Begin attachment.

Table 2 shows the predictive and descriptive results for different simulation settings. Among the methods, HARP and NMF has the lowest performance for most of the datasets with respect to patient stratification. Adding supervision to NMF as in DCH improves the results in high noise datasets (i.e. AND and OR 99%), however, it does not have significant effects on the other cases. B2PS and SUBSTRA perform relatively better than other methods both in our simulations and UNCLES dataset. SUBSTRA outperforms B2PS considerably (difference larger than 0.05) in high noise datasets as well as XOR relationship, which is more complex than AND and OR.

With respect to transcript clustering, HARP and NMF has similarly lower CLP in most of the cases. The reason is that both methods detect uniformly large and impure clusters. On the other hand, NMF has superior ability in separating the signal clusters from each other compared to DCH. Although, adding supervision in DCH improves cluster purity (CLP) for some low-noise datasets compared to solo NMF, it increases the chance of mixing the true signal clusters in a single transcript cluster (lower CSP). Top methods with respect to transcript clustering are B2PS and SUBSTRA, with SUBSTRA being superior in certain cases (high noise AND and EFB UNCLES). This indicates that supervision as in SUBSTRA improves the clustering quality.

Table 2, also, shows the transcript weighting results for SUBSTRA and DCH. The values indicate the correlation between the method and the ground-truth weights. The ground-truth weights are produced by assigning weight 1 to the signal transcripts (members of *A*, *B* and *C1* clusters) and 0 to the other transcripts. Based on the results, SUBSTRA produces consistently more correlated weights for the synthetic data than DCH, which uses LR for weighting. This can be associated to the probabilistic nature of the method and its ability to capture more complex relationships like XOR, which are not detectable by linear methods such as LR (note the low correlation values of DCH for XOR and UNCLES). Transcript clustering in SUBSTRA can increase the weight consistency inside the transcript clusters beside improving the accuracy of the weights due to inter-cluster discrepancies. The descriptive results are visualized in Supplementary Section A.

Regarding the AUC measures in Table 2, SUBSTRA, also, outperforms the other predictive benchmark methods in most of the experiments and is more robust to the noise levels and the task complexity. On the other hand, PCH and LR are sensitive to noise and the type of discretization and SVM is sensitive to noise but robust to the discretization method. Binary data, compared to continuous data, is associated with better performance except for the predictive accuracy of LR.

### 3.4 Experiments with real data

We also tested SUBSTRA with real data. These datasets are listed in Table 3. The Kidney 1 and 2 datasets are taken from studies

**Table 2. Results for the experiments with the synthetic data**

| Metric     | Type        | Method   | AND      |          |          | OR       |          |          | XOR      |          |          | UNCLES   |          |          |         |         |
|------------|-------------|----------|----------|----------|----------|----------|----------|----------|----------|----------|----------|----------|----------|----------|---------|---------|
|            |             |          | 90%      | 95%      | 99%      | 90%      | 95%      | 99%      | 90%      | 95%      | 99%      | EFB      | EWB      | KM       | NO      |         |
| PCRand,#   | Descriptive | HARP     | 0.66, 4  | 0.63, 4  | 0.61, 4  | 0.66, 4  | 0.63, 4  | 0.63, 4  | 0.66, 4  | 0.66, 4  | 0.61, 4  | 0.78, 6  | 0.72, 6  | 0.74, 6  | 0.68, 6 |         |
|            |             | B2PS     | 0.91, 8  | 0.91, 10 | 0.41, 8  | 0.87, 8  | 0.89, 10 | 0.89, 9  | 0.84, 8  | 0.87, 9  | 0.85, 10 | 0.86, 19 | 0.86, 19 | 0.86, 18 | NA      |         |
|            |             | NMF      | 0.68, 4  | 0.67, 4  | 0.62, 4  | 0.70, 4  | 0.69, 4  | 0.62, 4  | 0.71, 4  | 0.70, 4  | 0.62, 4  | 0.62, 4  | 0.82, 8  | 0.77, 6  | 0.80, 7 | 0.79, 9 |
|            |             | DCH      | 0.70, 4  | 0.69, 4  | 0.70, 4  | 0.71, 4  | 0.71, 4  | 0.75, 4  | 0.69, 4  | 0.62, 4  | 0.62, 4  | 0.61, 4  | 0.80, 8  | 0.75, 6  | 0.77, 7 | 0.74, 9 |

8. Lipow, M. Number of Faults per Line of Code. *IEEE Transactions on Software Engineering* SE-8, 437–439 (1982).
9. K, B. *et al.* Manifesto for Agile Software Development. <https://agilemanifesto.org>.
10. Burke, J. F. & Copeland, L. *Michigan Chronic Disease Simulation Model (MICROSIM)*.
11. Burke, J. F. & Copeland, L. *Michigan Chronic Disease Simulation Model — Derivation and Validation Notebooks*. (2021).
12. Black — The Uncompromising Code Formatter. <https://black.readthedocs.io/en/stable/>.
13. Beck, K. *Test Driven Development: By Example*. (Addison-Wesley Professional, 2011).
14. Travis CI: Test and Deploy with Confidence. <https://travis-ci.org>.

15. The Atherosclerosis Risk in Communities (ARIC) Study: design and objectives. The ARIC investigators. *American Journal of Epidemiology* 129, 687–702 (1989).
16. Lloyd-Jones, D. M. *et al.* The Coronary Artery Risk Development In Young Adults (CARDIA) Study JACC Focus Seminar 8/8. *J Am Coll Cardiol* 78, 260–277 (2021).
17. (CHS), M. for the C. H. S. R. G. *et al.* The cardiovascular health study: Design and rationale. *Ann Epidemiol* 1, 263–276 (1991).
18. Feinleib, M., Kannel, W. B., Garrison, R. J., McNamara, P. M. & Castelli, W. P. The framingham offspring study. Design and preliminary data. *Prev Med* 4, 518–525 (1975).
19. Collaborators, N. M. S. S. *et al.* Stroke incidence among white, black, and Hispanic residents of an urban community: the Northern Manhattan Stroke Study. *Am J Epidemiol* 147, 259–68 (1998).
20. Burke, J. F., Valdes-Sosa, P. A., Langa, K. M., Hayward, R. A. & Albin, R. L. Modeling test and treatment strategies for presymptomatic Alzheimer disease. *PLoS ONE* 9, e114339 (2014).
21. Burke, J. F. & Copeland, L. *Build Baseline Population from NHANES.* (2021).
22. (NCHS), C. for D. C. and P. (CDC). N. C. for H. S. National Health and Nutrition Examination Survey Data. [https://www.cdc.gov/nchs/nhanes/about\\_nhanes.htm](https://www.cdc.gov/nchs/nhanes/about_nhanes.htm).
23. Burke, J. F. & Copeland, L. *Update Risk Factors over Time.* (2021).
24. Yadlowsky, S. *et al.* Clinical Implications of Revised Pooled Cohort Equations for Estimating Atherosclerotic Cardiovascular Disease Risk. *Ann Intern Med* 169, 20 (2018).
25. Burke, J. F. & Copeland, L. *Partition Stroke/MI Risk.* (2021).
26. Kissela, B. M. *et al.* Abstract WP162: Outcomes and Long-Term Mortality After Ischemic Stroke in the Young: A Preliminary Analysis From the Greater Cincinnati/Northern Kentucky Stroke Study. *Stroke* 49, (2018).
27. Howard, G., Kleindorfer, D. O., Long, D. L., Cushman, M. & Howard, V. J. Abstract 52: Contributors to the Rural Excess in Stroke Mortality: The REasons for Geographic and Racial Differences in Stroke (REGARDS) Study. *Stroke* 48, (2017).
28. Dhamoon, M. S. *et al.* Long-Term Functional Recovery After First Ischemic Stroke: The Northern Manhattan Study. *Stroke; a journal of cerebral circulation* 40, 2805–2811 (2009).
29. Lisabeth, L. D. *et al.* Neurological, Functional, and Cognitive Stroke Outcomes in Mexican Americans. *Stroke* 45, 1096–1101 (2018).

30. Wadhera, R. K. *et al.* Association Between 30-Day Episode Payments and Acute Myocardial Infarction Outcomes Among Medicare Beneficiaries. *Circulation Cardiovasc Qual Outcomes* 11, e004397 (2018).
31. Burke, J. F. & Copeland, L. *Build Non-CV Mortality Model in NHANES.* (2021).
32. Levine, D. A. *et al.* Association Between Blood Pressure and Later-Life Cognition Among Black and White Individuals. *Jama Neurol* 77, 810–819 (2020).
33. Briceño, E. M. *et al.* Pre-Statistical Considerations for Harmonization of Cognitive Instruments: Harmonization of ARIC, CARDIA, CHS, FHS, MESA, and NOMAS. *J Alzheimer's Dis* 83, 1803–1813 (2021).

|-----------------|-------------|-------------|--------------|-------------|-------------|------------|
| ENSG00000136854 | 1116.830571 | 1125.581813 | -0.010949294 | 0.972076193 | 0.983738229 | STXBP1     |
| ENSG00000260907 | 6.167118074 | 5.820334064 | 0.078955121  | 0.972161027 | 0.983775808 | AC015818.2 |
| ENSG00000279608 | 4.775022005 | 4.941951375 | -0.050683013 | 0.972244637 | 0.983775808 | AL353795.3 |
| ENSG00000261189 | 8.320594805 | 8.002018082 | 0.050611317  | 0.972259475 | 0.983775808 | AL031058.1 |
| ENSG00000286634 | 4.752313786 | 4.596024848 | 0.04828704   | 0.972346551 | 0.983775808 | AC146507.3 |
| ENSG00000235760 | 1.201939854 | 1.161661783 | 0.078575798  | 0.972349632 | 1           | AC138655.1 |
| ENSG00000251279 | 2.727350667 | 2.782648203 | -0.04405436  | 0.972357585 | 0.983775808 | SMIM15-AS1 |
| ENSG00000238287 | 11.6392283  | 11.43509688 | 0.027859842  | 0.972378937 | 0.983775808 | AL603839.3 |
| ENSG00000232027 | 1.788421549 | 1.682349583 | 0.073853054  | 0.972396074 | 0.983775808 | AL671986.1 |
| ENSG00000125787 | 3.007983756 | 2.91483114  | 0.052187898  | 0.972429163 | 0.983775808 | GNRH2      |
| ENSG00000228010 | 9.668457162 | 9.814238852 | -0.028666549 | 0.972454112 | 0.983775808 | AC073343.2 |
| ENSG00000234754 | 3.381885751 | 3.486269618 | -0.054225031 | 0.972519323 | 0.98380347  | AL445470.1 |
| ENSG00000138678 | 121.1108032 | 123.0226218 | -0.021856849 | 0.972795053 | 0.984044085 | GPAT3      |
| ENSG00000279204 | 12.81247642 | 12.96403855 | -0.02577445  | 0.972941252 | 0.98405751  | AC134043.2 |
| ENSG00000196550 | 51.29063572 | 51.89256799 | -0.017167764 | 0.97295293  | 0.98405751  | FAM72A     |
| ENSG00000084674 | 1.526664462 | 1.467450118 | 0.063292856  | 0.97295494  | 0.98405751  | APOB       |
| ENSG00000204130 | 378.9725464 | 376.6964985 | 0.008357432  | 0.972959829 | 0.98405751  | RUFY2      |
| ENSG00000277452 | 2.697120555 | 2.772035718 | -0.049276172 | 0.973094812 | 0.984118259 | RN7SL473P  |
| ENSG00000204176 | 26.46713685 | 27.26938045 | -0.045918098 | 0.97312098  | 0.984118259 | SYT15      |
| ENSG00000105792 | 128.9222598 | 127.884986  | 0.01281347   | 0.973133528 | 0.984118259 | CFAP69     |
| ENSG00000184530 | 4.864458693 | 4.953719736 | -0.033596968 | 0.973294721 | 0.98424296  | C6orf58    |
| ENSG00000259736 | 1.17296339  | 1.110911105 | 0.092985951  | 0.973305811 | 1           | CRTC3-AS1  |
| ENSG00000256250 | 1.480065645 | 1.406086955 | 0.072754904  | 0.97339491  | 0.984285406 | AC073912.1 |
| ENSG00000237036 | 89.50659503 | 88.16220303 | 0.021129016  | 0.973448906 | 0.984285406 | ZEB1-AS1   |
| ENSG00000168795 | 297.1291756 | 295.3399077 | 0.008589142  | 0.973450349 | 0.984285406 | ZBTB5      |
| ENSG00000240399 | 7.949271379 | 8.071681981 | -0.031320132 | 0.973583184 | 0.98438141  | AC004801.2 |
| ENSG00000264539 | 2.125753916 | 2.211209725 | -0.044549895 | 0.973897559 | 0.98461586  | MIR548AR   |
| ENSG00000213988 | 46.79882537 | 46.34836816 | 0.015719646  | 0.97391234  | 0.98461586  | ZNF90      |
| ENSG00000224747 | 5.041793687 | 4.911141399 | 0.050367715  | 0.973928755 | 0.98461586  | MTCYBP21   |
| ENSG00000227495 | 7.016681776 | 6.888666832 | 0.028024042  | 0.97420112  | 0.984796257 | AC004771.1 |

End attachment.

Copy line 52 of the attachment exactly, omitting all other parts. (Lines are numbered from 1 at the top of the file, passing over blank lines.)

| ENSG00000228010 | 9.668457162 | 9.814238852 | -0.028666549 | 0.972454112 | 0.983775808 | AC073343.2 |